It was nearly enough to make Naomi wake herself up with her shouting. She had done some minor ghosting, in the remedial courses of her first year, but she had only thrown individual senses. She'd fastened her sense of hearing into a shell and set it on the other side of a room to catch extra conversation. She'd put the sight from one eye into a ball and had thrown it across the room, but never, ever had she thrown her whole spirit. She looked at the body lying across the bed and the body she was attached to, and was surprised to discover they were very much the same, if you ignored that her spirit's body was slightly more silvery at the edges, and that her real body was presently sleeping with her mouth open, drooling slightly.
That was a little embarrassing. Naomi reached over to fix it, but discovered her hand only passed through.
"Ah," she said. "So that's how it works."
She left her body to its own indignity and set out through the dorm.
The dorm room didn't look unlike the way it did normally. The beds and desks were right where they always were. Ladonia was stretched out across her black velvet sheets, her hands crossed over her chest in that way that always made her look like she was resting at her own funeral. Still, everything felt inherently different. The shadows seemed longer, and more... solid, somehow. They looked as though if Naomi reached for them she would be able to pick them up and wear them around her shoulders like her cape.
She didn't dare.
In the hallway she felt that same strangeness. Everything was so much quieter in the dream world, like the hush of a blizzard. The lights from the tall windows at the end of the hall seemed sharper than usual, and it wasn't until Naomi focused on those window that she realized the cause: the sky outside was the wrong color. When she'd crept back through the dorms with Serra it had been the typical deep night blue dotted by red clouds, framing a half moon. Now the sky was deep red, dotted by night blue clouds, and the moon was full.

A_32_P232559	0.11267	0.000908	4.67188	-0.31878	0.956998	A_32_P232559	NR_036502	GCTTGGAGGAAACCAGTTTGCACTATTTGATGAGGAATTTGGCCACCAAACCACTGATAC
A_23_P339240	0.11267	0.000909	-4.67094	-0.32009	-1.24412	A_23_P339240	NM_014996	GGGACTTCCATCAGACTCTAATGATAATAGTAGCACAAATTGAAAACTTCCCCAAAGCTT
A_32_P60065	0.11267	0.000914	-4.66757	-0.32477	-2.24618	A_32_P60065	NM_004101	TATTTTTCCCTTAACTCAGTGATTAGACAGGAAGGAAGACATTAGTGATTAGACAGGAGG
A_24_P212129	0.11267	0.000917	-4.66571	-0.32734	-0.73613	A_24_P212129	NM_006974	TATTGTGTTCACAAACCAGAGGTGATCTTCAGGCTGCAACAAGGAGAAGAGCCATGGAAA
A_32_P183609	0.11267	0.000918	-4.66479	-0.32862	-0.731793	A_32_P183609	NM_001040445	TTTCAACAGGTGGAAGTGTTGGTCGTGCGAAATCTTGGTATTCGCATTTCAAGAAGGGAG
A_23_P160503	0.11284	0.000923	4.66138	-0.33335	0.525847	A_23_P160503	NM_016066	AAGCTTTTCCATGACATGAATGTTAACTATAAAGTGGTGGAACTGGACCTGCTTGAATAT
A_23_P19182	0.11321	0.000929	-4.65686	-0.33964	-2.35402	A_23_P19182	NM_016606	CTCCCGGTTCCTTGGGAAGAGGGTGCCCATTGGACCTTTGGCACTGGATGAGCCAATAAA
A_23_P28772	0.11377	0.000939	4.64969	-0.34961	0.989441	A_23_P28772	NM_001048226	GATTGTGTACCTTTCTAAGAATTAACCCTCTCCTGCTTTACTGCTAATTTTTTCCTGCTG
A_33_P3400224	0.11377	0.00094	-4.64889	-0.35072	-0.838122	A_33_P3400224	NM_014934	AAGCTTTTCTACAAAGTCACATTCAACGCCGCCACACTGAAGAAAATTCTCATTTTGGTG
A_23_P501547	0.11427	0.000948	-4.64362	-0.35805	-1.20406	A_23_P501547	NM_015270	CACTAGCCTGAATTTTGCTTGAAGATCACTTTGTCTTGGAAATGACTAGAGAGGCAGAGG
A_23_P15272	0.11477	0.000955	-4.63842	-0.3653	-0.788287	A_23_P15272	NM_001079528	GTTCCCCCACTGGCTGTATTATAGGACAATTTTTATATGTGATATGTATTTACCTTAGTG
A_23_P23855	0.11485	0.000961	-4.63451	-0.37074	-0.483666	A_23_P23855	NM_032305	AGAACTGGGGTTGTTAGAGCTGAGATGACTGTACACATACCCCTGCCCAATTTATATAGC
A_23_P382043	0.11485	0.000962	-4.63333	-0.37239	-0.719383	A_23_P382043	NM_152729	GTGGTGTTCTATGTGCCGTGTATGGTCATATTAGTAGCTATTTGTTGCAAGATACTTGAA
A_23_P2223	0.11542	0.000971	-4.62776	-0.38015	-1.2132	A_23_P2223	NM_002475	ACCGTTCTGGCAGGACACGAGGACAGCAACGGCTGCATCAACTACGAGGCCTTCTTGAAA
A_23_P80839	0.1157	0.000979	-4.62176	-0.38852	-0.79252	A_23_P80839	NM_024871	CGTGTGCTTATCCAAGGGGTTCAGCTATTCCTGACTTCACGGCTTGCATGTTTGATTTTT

She heard the faint sound of hooves.
A door opened. Naomi whirled, fully expecting to be seen, but whoever it was ran nearly straight through her with little more than a faint bolt of cold where the bodies crossed. Naomi saw who it was and forced herself not to shout, because although she wore her black night shift, the person looked nothing like Ladonia at all.
Her hair was missing, for one. Two, her ears were twice as long as they should have been. When she moved it wasn't with Ladonia's usual slithering grace, but thrust forward, on all fours, with fingers that were tipped by claws that looked vicious even in comparison with her regular nails. Naomi ran after her. She couldn't help it. There was something so panicked in the figure's loping gate she had to know what was wrong.
"Ladonia!" she called. "Ladonia!"
The figure turned around, and Naomi nearly fell backwards. Her eyes were nearly completely black.
"Naomi?" asked the figure in a voice that sounded vaguely like her roommate’s, if her roommate had a mouth full of three inch needle teeth. "Naomi is that you?" Her sharp, elongated nose began to sniff the air.
The sound of hoof beats got louder. Naomi remembered that Baku was still in the basement. Slipping past the bent figure that was somehow still Ladonia, Naomi opened the door to the stairs.
"Naomi," she heard Ladonia call. "Naomi, be careful, it's-"
The door opened to reveal, not a set of stairs like she expected, but a classroom. In the classroom were a group of students. They looked an awful lot like people she knew, but somehow different. She certainly didn't remember Ariella ever looking so skeletal. She was also sure Serra wasn't six feet tall. Naomi could even see herself, in one of the back rows. She had a cold, scornful expression she could never recall her face ever having made. It was presently aimed not at her, but at the person who shut the door just behind her. The door creaked like a braying horse. It shut nearly as loud as a gunshot. A young boy with dark curly hair, a pair of thick glasses, and no shirt stood with his hand on the knob: he looked underfed and miserable, with thin shoulders and a blush that ran from his cheeks down to his stomach. Naomi had to blink. She almost hadn't recognized Adrienne, without his long hair.